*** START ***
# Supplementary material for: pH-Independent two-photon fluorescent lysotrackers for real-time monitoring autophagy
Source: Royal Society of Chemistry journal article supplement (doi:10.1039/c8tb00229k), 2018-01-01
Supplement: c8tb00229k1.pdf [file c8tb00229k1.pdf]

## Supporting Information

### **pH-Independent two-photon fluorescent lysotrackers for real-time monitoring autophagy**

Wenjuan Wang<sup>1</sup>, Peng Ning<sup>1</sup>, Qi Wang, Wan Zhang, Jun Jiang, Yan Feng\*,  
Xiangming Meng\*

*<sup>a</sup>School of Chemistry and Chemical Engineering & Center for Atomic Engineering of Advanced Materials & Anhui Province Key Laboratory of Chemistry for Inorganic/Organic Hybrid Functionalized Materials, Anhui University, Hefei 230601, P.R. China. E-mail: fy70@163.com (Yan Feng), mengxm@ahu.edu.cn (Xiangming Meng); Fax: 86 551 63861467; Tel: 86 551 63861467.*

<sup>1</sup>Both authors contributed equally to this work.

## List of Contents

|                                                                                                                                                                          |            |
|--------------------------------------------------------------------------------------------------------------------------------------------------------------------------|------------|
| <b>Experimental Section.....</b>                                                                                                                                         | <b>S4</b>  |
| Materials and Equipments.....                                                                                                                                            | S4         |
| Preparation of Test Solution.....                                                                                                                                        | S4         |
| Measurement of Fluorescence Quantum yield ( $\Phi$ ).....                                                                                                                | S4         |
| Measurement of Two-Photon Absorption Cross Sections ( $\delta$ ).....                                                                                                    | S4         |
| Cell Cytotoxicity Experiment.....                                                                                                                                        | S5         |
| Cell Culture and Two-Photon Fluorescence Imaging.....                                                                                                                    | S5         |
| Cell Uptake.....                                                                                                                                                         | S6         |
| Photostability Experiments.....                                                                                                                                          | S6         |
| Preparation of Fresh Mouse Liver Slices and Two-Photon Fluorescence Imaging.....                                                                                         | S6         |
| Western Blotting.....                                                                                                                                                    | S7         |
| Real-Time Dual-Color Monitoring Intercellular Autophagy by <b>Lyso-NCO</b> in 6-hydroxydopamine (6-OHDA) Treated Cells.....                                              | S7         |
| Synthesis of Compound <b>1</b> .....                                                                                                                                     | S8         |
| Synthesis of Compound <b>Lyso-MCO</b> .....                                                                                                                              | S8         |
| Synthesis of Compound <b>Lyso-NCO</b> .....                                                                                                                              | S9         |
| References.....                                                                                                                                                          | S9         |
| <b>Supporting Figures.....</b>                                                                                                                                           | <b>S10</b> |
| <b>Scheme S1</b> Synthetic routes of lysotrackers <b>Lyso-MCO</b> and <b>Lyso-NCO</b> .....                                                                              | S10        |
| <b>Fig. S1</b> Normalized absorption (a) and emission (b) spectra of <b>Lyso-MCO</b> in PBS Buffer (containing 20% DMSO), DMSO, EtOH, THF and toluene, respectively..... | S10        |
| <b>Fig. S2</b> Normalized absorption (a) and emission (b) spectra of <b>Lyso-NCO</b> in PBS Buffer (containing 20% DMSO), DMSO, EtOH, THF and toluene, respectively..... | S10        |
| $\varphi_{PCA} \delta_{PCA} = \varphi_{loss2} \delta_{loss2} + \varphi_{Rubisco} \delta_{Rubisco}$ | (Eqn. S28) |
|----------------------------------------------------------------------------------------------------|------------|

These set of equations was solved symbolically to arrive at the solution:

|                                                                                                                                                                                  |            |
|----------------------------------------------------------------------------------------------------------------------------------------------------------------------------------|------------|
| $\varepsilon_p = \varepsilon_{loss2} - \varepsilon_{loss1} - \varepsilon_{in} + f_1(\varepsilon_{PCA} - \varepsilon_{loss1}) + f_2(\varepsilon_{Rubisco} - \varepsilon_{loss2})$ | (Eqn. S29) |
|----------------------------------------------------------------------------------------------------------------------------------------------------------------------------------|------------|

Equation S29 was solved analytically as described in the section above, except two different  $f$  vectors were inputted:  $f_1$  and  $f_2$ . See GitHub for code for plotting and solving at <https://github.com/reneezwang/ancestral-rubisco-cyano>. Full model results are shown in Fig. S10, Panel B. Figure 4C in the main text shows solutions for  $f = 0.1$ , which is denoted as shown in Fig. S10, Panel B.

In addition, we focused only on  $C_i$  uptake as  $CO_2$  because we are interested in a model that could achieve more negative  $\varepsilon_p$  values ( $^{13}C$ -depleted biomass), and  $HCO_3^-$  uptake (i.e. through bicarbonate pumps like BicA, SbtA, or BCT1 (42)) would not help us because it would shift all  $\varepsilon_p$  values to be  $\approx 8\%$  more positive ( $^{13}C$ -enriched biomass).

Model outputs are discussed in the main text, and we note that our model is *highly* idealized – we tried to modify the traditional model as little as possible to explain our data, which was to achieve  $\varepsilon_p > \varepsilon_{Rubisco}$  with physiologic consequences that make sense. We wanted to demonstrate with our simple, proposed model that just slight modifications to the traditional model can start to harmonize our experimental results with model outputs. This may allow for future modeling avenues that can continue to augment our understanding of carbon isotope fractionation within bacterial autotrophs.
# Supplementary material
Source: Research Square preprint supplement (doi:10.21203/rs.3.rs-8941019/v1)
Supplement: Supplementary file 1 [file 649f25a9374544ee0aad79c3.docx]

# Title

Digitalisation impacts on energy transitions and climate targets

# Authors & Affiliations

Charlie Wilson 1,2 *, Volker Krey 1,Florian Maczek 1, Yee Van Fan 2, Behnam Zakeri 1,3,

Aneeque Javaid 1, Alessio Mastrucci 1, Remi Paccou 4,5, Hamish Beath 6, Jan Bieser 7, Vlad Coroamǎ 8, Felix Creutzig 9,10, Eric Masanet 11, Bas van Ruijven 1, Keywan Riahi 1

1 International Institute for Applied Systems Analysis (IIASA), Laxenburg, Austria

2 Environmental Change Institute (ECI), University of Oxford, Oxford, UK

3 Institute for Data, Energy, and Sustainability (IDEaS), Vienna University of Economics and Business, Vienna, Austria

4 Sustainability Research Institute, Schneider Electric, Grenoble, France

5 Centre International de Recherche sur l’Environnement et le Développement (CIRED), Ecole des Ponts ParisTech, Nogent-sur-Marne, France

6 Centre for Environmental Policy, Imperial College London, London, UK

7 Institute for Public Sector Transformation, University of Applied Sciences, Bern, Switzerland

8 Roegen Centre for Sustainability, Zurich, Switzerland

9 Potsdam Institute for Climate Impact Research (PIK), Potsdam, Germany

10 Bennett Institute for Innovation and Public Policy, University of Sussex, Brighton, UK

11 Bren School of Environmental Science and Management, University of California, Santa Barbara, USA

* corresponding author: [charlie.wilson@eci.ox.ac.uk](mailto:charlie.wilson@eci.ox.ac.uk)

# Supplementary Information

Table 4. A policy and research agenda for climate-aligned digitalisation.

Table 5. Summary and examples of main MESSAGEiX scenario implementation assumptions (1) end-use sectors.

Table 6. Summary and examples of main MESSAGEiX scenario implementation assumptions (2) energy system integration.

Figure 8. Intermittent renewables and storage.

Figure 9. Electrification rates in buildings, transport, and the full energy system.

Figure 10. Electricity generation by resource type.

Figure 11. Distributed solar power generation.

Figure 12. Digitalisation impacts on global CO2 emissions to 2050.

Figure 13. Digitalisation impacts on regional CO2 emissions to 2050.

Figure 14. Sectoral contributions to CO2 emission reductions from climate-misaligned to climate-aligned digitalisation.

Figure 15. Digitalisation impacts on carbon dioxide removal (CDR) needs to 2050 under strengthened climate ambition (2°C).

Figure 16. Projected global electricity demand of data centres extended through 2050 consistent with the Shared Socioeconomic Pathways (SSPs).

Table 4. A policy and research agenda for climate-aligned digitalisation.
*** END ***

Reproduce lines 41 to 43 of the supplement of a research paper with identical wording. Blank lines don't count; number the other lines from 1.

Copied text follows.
In addition, we focused only on  $C_i$  uptake as  $CO_2$  because we are interested in a model that could achieve more negative  $\varepsilon_p$  values ( $^{13}C$ -depleted biomass), and  $HCO_3^-$  uptake (i.e. through bicarbonate pumps like BicA, SbtA, or BCT1 (42)) would not help us because it would shift all  $\varepsilon_p$  values to be  $\approx 8\%$  more positive ( $^{13}C$ -enriched biomass).

Model outputs are discussed in the main text, and we note that our model is *highly* idealized – we tried to modify the traditional model as little as possible to explain our data, which was to achieve  $\varepsilon_p > \varepsilon_{Rubisco}$  with physiologic consequences that make sense. We wanted to demonstrate with our simple, proposed model that just slight modifications to the traditional model can start to harmonize our experimental results with model outputs. This may allow for future modeling avenues that can continue to augment our understanding of carbon isotope fractionation within bacterial autotrophs.
# Supplementary material